The word laparoscopy means to look inside the abdomen with a special camera or scope. Surgery performed with the aid of these cameras is known as keyhole, porthole, or minimally invasive surgery.
Traditional surgery requires a long incision (cut) down the center of the abdomen and a lengthy recovery period. Laparoscopic surgery eliminates the need for this large incision. As a result, you may have less pain and scarring after surgery, faster recovery, and less risk of infection.
Like other forms of cancer, the prognosis for prostate cancer depends on how far the cancer has spread at the time it’s diagnosed. Doctors use a system of classification called staging to describe prostate cancer’s local extent and evidence of spread.
Prostate cancer stages can be complex and difficult to understand. WebMD takes a look at prostate cancer stages and what they mean to you.
Laparoscopy for prostate removal looks promising. Men who undergo this technique have less blood loss, less need for pain medication, shorter hospital stays, quicker return to regular meals and activities, early removal of urethral catheters (tubes inserted through the penis to drain urine from the bladder), and a quicker recovery.
Laparoscopy appears to treat the prostate cancer as effectively as surgeries done with a large incision.
What Are the Advantages of Laparoscopy?
As is the case with other minimally invasive procedures, laparoscopic prostate removal has significant advantages over traditional surgery:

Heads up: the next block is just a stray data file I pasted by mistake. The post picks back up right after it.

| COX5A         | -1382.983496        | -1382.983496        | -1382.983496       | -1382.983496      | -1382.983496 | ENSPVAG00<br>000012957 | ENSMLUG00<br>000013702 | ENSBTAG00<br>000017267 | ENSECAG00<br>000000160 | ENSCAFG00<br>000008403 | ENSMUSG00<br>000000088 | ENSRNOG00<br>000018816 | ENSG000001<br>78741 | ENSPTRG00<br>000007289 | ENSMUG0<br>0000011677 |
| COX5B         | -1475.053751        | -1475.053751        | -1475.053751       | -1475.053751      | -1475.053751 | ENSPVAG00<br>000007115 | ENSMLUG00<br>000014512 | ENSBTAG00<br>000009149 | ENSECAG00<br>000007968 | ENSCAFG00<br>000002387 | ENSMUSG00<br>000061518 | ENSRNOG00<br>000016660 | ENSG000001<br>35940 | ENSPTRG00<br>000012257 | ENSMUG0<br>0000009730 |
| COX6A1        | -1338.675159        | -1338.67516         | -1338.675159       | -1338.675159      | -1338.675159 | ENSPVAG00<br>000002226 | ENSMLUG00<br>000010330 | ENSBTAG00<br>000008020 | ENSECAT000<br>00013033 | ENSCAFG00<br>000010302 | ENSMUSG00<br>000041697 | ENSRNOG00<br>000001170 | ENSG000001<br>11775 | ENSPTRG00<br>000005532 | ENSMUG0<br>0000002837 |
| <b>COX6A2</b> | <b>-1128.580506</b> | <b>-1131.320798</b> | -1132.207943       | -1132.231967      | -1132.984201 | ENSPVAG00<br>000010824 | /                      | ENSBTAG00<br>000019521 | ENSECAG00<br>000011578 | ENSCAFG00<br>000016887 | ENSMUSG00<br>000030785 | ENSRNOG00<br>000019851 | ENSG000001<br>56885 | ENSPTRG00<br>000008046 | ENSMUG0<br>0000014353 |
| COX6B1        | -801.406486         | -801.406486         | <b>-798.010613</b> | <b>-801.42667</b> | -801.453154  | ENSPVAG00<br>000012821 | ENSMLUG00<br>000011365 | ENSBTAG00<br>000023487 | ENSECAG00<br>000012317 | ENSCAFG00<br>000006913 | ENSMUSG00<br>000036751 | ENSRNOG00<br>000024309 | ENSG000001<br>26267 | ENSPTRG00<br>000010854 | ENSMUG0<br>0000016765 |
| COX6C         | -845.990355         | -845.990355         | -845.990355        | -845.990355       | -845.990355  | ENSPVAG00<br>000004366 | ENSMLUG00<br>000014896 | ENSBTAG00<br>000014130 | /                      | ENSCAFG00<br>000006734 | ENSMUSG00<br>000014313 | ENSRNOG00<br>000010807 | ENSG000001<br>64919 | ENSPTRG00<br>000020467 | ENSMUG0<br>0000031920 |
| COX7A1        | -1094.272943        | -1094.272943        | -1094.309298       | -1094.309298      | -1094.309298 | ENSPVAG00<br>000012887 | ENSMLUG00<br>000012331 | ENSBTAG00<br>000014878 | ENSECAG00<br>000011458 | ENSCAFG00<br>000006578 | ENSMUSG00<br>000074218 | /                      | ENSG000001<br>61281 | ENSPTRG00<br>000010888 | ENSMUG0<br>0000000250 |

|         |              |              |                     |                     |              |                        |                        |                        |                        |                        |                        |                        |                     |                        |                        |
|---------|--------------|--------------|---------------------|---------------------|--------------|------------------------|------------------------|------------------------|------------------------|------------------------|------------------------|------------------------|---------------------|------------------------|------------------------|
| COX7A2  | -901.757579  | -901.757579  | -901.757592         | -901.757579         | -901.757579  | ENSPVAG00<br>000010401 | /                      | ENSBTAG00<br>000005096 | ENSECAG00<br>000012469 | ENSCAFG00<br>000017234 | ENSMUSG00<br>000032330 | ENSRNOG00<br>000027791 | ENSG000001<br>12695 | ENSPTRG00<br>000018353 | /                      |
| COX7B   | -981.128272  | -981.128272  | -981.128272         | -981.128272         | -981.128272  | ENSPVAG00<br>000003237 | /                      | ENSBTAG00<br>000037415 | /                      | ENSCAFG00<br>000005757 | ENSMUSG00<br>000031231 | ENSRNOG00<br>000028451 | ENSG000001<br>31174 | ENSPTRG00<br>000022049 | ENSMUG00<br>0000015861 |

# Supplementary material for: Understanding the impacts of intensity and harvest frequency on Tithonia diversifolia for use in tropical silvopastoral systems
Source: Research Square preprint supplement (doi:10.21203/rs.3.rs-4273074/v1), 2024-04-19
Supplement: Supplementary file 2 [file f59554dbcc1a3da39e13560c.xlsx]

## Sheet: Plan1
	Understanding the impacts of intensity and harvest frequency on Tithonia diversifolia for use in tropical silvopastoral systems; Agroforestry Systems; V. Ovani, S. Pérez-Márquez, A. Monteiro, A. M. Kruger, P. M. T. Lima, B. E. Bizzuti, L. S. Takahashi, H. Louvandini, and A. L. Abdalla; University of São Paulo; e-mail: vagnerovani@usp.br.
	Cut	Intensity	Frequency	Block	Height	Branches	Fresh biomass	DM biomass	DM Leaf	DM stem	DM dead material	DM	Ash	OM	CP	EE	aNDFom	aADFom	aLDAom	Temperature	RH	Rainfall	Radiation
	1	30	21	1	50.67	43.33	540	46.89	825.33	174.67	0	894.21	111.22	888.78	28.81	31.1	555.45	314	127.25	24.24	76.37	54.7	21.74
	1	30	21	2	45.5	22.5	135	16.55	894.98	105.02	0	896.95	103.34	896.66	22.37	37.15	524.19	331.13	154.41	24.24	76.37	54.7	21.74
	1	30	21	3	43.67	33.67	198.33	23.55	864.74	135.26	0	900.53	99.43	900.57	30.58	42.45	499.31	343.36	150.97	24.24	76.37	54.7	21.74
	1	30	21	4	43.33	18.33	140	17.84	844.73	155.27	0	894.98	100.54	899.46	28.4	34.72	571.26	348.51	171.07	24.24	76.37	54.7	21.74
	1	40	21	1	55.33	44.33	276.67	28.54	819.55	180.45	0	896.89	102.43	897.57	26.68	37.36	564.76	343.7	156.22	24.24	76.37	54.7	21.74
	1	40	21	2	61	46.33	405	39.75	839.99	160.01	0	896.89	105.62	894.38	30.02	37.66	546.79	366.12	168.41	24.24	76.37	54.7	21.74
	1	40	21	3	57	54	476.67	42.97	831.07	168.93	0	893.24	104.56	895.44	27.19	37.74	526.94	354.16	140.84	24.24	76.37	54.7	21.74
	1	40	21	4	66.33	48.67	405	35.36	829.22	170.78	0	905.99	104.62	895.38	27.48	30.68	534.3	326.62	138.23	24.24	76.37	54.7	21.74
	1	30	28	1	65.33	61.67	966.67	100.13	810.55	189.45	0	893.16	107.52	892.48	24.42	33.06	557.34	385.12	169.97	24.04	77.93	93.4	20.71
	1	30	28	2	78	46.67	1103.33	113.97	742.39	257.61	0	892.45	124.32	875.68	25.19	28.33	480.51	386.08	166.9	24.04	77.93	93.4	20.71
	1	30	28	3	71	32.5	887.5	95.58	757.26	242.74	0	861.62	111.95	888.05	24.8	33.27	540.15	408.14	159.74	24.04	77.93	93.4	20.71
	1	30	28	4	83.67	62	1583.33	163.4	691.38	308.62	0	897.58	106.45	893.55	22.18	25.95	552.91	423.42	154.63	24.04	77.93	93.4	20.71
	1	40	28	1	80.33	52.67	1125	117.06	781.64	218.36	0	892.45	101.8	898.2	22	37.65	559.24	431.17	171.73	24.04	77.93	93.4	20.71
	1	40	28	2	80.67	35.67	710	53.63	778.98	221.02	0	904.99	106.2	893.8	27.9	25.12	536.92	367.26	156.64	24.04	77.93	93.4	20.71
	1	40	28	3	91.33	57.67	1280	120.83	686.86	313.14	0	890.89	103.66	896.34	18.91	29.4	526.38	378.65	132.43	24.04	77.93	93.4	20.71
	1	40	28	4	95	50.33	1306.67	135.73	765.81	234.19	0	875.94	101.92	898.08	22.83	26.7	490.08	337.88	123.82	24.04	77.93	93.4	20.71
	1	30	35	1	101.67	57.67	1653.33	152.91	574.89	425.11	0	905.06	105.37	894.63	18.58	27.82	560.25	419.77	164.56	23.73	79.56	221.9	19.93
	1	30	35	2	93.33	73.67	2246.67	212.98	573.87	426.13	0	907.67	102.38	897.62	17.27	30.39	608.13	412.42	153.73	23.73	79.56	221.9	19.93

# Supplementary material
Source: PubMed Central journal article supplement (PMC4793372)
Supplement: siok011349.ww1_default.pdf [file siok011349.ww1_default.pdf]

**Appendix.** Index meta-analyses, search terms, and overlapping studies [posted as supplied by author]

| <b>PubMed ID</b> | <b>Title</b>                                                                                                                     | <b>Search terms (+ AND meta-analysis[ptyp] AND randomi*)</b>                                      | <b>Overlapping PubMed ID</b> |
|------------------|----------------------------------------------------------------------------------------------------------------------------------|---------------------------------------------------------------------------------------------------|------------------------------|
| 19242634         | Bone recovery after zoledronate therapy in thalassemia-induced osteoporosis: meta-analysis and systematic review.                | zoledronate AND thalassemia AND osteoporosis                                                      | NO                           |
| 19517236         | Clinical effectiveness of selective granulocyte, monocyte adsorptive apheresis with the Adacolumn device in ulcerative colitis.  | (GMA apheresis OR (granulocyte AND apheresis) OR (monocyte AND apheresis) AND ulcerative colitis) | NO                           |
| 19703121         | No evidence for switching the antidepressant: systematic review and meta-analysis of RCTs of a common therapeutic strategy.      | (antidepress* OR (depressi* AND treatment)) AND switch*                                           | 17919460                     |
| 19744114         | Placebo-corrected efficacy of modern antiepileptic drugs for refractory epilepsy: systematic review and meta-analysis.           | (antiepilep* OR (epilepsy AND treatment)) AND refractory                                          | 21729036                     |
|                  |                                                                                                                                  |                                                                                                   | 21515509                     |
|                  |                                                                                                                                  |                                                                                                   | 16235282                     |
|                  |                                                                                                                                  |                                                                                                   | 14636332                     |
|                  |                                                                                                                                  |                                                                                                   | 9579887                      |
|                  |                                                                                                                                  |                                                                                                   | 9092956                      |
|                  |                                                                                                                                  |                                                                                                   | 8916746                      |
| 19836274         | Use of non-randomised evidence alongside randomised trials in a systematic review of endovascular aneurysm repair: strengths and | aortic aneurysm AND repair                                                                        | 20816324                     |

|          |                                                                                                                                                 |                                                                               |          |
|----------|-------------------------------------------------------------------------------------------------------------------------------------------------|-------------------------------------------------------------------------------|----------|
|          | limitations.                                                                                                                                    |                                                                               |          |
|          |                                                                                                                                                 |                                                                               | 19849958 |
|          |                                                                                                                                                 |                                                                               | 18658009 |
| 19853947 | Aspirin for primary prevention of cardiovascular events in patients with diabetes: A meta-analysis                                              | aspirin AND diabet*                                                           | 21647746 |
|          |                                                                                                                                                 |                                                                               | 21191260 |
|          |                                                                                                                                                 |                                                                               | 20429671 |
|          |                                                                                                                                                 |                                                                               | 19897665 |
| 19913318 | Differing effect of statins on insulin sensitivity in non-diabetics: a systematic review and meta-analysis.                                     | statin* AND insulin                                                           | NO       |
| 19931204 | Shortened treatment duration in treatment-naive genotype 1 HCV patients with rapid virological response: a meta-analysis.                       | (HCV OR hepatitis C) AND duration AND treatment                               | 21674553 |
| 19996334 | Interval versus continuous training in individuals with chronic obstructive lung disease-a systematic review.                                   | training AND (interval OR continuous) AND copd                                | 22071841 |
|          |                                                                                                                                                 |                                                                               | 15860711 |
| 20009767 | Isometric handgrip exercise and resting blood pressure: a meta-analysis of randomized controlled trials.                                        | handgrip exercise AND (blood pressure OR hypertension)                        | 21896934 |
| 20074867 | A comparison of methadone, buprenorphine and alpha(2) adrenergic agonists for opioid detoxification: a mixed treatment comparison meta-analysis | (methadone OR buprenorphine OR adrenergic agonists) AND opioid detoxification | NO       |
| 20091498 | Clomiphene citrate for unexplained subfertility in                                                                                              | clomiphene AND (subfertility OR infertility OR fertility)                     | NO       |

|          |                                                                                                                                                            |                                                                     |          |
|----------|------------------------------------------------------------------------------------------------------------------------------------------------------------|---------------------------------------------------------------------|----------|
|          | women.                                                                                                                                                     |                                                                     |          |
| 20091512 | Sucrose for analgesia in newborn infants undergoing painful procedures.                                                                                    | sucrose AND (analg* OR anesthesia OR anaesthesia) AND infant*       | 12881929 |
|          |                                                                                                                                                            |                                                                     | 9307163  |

Laparoscopy can shorten your hospital stay to one or two days. About 50% of men are discharged one day after surgery. (The length of stay depends on how quickly you recover and the extent of the surgery.)
There is much less bleeding during the operation.
You are less likely to need prescription painkillers after you leave the hospital. Patients often need nothing more than Tylenol.
At your follow-up appointment one week after surgery, the tube, or catheter, draining your bladder will be removed if there are no signs of other problems. Occasionally, the catheter remains in place for another week, as with conventional surgery.
About 90% of patients can return to work or resume full activity in only two to three weeks.
Am I Eligible For This Surgery?
You are eligible if you have prostate cancer that has not spread outside the prostate and is not very aggressive, as well as a PSA test less than 10. You are not eligible if you have had previous open or laparoscopic pelvic surgery, even for another reason. You are also not eligible if you have a history of hormone treatment (androgen deprivation therapy), which reduces the size of the prostate tumor.
What Are The Side Effects?
Medical research so far shows that symptoms of incontinence and impotence are similar for both minimally invasive surgery and traditional surgery. Men usually return to normal urinary function within three months.
Because this technique is nerve-sparing, a man's postoperative sexual potency rate should be comparable to that of traditional surgery. However, laparoscopic surgery has not been in use long enough to truly assess whether it leads to higher rates of potency. But early results are promising.